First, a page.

Sherman Alexie | Critical Review by Andrea-Bess Baxter

This literature criticism consists of approximately 2 pages of analysis & critique of Sherman Alexie.
This section contains 465 words
(approx. 2 pages at 300 words per page)
Buy the Critical Review by Andrea-Bess Baxter

Critical Review by Andrea-Bess Baxter

SOURCE: A review of The Business of Fancydancing, in Western American Literature, Vol. XXVIII, No. 2, August, 1993, pp. 161-62.

Below, Baxter comments on the themes of isolation and alienation in The Business of Fancydancing.

Sherman Alexie's remarkable debut, The Business of Fancydancing, is an outstanding collection of poetry, prose, vignettes and epigrams that will surely launch him firmly into the Native American literature scene.

A spontaneous combustion propels the reader into the complex density of the modern Indian world, on and off the reservation, at once painful and compelling yet somehow balanced with humor and hope. Alexie's razor-sharp irony races toward unexpected twists and turns.

His stark portraits are vivid and disturbing: house fires, sin and forgiveness, Crazy Horse dreams (the kind that don't come true), Buffalo Bill opening a pawn shop, pow wows and fancydancers like Vernon WildShoe (Elvis in braids), Crazy Horse just back from Vietnam in the Breakaway Bar, Lester FallsApart translating the directions on a commodity can of soup, Chief Victor, two hundred winter beers wide, still sinking jump shots from thirty feet and beyond.

Alexie grew up in Wellpinit on the Spokane Indian reservation. He speaks of his connections to and isolation within, not only white America, but his own tribe. His writing hits hard because it comes directly out of his own experiences. Comic relief provides an element of surprise. And throughout we encounter the theme of forgiveness. In "Pow Wow" we read of the usual hustle and bustle, humorous incidents and the inevitable encounters with whites, all taking place in the present and past. The poem ends:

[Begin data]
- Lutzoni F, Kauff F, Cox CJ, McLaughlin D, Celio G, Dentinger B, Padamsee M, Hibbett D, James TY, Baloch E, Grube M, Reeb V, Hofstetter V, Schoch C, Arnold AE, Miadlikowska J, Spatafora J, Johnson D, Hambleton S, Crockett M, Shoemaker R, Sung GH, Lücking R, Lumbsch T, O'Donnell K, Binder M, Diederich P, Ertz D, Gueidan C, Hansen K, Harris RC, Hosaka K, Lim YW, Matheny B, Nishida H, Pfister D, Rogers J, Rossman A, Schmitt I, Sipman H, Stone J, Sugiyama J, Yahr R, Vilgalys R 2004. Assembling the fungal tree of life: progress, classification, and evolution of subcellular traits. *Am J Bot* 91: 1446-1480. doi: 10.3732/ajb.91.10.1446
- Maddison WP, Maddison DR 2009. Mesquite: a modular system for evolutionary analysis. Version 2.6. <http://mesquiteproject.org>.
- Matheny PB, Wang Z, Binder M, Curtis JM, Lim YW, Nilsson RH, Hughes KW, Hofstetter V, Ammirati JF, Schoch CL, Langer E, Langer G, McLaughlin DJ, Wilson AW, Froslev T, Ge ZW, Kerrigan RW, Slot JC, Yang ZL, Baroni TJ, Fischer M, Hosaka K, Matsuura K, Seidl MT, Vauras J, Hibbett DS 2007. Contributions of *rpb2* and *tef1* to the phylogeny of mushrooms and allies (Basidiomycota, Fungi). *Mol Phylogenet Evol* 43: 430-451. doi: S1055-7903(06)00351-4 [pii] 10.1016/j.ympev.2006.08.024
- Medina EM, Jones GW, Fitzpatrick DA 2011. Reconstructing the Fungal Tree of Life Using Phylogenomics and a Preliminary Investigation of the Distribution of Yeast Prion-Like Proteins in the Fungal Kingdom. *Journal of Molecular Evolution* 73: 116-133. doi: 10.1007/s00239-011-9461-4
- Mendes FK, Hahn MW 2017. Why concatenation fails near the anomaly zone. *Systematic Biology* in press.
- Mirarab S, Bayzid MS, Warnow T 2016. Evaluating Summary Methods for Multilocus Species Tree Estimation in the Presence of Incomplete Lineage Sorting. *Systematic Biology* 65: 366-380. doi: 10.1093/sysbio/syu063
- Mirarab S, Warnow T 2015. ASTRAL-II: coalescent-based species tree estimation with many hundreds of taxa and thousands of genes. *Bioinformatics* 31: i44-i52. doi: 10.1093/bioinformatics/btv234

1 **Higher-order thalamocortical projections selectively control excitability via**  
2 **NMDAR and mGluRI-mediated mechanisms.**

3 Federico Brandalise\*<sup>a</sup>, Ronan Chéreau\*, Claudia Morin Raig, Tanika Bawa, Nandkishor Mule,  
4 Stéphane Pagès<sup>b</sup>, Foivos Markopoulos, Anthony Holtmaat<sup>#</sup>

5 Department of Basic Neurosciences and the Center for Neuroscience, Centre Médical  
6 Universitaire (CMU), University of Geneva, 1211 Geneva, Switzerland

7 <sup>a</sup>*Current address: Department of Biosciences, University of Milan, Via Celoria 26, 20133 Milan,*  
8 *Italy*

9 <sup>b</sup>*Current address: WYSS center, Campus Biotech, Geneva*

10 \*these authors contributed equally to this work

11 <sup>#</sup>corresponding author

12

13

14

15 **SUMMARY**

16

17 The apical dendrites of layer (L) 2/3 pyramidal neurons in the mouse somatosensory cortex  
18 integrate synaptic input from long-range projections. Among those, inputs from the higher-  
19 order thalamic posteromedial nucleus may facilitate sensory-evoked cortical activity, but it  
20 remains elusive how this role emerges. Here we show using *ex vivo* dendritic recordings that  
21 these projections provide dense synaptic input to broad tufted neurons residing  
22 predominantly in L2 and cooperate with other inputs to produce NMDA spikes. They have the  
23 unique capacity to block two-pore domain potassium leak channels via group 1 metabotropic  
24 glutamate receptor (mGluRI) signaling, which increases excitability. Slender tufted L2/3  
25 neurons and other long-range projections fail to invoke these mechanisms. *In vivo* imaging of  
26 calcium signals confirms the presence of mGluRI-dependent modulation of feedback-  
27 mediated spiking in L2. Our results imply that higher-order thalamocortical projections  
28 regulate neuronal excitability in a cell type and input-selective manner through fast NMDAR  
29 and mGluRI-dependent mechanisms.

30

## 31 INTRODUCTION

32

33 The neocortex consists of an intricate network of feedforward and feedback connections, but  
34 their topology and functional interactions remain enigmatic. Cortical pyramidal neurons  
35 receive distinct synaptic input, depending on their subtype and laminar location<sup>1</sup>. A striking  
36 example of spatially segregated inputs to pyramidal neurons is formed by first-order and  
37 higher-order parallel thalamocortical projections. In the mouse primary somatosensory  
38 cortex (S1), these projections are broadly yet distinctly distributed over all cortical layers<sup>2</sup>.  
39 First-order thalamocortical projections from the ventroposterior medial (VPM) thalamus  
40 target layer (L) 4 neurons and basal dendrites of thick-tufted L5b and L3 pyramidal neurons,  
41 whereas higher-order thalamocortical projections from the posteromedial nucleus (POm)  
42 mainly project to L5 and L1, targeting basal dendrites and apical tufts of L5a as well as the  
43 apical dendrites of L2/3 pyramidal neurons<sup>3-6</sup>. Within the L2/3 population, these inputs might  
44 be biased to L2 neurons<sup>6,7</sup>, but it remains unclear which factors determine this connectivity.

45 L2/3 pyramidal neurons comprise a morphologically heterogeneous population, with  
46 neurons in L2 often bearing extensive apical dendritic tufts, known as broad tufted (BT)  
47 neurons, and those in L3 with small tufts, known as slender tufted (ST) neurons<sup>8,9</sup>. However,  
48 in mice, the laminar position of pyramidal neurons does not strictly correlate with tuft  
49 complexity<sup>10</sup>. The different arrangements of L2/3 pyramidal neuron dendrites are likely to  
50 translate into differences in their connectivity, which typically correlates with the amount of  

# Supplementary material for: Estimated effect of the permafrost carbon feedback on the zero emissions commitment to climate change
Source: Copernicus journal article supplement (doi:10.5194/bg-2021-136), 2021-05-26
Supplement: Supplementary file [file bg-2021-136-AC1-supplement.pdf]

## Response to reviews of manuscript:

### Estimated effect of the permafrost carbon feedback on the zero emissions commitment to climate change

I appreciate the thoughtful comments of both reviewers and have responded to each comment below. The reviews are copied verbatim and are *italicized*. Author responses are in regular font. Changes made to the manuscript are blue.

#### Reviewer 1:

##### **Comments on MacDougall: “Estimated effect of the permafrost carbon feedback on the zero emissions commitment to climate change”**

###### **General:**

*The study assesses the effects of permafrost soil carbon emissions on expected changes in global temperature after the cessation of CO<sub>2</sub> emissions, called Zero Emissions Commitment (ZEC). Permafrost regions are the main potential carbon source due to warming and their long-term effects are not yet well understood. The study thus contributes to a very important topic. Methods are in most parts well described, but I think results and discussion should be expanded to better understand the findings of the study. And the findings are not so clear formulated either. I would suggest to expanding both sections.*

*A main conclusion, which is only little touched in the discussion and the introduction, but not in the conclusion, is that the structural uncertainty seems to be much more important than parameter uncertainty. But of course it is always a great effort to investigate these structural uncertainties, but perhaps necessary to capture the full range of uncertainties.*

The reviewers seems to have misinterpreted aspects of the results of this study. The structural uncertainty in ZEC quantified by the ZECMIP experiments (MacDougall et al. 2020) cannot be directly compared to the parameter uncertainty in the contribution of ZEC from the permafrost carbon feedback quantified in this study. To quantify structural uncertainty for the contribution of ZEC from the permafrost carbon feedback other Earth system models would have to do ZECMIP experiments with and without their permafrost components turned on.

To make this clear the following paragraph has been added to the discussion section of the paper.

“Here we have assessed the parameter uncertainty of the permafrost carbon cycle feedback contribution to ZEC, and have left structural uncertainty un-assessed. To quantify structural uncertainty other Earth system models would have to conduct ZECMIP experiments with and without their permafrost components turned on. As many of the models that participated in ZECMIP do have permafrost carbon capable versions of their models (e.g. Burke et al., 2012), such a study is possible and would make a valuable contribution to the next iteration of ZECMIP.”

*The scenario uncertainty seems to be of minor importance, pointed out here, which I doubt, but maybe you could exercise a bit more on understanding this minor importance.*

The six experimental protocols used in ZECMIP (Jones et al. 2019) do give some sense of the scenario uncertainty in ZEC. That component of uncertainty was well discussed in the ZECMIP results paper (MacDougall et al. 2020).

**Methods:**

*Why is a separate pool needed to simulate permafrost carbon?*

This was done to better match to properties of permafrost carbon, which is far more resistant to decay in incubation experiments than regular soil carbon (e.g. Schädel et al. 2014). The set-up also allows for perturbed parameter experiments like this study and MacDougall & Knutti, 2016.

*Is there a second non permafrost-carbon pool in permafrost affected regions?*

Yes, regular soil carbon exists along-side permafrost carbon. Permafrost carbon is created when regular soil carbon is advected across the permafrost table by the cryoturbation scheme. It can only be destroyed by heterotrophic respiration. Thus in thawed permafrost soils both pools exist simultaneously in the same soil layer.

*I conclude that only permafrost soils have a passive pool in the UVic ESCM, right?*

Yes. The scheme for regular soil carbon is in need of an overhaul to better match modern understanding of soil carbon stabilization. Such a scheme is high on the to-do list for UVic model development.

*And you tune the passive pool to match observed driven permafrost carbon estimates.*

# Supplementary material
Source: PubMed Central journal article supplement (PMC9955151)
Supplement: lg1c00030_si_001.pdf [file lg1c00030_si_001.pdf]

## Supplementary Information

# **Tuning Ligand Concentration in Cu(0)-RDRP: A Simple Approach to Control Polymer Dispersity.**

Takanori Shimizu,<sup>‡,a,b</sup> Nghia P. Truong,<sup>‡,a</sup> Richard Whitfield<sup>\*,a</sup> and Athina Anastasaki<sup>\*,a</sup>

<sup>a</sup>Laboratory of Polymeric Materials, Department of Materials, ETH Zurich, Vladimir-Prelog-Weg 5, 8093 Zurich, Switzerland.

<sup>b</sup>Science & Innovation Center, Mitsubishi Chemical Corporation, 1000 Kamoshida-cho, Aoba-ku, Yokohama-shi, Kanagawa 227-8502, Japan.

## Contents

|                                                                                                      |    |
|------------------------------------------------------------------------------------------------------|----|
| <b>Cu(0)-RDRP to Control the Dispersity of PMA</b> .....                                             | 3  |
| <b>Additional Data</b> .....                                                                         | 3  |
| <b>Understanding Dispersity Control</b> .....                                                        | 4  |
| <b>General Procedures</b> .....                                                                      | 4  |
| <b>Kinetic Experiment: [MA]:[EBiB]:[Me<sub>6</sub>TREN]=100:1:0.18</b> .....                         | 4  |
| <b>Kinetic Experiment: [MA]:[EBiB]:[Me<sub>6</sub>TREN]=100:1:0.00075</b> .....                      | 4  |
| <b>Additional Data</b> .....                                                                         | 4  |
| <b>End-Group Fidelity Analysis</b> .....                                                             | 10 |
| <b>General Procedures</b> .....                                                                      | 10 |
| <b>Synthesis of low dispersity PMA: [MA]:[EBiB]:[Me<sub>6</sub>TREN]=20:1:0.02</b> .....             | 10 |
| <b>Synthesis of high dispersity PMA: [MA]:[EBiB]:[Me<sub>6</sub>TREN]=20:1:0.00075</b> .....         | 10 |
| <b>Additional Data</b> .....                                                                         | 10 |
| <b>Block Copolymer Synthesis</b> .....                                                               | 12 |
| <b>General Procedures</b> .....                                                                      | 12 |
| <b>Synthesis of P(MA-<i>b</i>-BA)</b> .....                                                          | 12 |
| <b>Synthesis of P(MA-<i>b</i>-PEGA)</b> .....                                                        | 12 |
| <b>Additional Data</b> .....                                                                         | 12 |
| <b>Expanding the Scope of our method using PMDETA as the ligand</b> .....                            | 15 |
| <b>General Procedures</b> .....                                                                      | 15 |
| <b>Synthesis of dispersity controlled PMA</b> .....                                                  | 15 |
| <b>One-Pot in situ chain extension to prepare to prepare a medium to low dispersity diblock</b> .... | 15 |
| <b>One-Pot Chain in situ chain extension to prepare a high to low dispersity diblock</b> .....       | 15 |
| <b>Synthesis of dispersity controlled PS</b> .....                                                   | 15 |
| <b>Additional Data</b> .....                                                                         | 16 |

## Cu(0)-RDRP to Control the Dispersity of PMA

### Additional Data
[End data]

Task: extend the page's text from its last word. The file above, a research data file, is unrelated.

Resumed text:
still, Indians have a way of forgiving anything
      a little but more and more it's memory lasting longer
      and longer like uranium just beginning a half-life.

The threads of isolation and alienation that weave through these stories all sum up what Gerald Vizenor terms the "cultural schizophrenic," who has the impossible task of living in two worlds, always questioning where he or she belongs. In "Distances" we are told that "There is nothing as white as the white girl an Indian boy loves." And "I do not speak my native tongue. Except that is, for the dirty words. I can tell you what I think of you in two languages."

Sherman Alexie's powerful voice exemplifies how imagination and the power of words, native or not, can be the most potent weapon of all. His writing challenges the reader to listen and listen well and to confront an honest portrait of the contemporary Indian world, a world where, all too often, "suddenly, nothing happens." It is exactly this kind of truthfulness and insight that leads to triumph in battle. The Business of Fancydancing is guaranteed to provoke, amaze and remove those rose-colored glasses from idealistic non-Indians by revealing the hard realities of the present-day Native American world.

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This section contains 465 words
(approx. 2 pages at 300 words per page)
Buy the Critical Review by Andrea-Bess Baxter
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